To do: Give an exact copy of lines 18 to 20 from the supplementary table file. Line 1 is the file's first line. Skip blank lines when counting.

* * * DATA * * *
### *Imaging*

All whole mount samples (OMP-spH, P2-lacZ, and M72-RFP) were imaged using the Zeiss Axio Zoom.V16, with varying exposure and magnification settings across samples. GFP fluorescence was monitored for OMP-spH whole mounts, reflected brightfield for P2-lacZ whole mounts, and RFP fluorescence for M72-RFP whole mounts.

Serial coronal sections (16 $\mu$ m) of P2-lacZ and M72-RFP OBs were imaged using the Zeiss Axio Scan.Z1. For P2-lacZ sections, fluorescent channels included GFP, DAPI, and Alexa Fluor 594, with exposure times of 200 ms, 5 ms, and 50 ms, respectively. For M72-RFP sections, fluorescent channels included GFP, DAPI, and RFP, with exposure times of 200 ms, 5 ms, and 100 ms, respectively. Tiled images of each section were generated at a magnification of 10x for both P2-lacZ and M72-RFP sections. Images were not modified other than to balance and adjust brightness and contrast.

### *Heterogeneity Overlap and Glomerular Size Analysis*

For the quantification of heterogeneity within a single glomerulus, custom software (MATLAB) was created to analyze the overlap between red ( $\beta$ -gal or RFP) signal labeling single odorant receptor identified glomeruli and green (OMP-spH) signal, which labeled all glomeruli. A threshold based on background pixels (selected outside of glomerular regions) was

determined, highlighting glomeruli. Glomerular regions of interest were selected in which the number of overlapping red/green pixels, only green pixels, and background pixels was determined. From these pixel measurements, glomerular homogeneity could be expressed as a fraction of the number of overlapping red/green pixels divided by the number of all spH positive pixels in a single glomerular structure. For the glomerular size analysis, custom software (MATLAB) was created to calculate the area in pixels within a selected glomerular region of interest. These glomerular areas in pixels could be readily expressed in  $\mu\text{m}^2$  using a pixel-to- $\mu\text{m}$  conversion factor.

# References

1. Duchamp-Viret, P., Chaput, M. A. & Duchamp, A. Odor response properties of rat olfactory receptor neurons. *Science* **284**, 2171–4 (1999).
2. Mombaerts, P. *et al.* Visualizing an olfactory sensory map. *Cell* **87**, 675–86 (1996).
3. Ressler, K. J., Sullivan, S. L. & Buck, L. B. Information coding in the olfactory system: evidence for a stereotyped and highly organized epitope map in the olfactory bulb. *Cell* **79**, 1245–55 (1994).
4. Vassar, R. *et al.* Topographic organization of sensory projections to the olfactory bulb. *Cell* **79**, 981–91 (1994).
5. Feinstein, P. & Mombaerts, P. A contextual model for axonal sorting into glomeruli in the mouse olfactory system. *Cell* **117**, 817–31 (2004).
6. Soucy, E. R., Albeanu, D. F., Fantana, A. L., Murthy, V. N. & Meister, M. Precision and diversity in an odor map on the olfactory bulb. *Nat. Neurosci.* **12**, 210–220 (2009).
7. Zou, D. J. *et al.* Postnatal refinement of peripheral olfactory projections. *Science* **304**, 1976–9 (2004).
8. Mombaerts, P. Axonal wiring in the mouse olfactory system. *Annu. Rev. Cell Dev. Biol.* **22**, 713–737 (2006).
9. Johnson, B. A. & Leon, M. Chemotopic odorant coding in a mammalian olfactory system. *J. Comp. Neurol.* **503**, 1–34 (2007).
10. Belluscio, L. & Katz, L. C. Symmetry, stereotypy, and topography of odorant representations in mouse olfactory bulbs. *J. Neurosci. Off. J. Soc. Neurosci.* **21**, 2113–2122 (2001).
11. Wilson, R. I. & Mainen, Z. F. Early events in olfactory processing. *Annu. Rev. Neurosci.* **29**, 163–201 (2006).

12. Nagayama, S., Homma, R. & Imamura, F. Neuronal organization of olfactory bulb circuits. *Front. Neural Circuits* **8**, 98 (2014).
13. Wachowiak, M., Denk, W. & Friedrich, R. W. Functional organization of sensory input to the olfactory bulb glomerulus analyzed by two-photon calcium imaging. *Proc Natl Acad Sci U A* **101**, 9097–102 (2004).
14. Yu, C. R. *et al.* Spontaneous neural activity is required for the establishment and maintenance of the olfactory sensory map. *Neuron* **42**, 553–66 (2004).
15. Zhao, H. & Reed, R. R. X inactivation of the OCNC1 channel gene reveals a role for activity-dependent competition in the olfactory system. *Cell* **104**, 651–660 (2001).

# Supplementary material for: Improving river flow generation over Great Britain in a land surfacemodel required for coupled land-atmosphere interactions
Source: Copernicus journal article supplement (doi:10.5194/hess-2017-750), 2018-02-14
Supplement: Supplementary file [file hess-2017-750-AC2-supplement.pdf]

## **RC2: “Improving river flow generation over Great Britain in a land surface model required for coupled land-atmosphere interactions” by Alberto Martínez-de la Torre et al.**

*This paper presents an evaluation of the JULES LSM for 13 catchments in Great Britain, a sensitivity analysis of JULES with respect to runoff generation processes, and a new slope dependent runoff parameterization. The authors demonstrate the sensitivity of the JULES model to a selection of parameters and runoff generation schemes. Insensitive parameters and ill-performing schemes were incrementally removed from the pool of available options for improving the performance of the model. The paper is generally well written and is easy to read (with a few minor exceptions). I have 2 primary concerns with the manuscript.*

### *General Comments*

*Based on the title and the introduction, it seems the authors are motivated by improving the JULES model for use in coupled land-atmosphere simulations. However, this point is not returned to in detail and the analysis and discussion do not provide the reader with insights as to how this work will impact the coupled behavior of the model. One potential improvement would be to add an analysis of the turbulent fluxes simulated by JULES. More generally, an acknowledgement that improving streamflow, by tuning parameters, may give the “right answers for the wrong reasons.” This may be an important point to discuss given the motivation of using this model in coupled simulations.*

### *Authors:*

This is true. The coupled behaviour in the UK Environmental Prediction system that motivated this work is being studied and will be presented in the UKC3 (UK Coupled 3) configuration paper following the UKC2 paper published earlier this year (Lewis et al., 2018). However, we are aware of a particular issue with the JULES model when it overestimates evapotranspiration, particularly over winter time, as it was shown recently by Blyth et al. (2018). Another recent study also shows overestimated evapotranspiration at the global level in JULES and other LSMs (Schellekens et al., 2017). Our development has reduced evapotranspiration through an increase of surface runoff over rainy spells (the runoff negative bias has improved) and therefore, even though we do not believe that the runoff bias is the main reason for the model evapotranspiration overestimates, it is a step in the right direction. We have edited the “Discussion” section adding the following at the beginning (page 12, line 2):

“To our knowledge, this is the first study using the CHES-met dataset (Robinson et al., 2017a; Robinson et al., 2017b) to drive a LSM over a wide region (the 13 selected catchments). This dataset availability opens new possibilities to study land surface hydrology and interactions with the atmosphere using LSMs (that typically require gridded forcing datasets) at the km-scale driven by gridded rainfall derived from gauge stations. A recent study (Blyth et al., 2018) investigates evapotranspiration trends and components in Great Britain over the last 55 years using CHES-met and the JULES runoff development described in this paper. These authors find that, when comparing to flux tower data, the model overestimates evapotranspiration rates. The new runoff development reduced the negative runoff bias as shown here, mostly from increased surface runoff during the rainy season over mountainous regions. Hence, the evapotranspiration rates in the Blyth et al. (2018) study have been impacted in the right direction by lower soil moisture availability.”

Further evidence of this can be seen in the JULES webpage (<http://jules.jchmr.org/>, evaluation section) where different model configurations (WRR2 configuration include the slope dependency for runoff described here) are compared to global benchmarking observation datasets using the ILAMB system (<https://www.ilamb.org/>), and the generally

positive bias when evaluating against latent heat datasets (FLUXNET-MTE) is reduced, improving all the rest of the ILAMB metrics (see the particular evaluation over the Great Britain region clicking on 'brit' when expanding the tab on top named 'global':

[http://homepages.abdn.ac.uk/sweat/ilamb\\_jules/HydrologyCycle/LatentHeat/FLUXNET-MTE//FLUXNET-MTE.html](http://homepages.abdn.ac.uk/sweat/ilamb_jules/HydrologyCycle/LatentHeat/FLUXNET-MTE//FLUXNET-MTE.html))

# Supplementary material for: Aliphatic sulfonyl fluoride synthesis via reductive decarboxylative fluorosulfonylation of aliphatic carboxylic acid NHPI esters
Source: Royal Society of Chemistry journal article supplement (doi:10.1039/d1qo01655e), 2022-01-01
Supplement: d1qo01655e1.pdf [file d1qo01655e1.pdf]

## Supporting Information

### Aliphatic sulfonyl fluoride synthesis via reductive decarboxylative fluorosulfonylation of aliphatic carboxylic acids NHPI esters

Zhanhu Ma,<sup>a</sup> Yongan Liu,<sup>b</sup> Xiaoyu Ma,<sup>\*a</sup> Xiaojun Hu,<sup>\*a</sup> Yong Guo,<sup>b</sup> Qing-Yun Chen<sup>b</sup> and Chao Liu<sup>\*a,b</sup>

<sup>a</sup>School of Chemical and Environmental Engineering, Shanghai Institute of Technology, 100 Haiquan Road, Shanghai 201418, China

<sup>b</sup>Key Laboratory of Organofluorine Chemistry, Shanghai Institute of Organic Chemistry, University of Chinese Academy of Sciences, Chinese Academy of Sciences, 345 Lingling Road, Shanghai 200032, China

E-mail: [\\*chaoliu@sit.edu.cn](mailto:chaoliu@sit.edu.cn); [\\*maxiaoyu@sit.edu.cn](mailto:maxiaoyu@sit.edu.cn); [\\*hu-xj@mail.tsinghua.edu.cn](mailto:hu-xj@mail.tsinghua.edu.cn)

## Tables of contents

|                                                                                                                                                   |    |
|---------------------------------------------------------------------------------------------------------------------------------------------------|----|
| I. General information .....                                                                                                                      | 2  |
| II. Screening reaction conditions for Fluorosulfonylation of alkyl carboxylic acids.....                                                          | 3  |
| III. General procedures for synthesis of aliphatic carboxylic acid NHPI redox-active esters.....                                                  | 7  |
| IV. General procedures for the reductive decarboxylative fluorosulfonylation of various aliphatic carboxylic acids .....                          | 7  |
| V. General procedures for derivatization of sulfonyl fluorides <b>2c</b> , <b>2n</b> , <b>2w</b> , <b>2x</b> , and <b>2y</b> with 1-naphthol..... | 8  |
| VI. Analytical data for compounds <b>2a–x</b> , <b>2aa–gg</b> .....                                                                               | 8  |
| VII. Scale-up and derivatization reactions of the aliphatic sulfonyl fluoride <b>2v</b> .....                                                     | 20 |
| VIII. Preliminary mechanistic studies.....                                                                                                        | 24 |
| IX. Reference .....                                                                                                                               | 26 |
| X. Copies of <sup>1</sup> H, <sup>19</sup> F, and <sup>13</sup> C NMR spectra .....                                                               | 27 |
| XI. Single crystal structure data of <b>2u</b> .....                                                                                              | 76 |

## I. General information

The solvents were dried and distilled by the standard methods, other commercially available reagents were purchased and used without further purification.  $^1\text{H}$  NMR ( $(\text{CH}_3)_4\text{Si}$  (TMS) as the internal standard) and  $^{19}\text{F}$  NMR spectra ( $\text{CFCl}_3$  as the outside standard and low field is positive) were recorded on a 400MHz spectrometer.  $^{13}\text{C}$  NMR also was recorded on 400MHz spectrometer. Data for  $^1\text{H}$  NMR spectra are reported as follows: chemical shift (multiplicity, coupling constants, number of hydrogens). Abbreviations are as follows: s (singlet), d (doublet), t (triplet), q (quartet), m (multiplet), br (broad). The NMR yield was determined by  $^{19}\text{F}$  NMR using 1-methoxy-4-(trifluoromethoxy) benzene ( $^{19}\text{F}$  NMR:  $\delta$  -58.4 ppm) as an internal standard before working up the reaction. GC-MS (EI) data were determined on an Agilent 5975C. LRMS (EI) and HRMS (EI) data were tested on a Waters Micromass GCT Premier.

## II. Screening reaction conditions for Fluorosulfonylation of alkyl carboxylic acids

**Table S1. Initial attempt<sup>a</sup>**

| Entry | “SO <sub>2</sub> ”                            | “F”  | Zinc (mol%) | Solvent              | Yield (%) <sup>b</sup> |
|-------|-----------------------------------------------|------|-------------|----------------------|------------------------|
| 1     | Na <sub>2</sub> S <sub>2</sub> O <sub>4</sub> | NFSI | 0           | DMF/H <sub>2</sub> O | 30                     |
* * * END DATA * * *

11. Wilson, R. I. & Mainen, Z. F. Early events in olfactory processing. *Annu. Rev. Neurosci.* **29**, 163–201 (2006).

12. Nagayama, S., Homma, R. & Imamura, F. Neuronal organization of olfactory bulb circuits. *Front. Neural Circuits* **8**, 98 (2014).
13. Wachowiak, M., Denk, W. & Friedrich, R. W. Functional organization of sensory input to the olfactory bulb glomerulus analyzed by two-photon calcium imaging. *Proc Natl Acad Sci U A* **101**, 9097–102 (2004).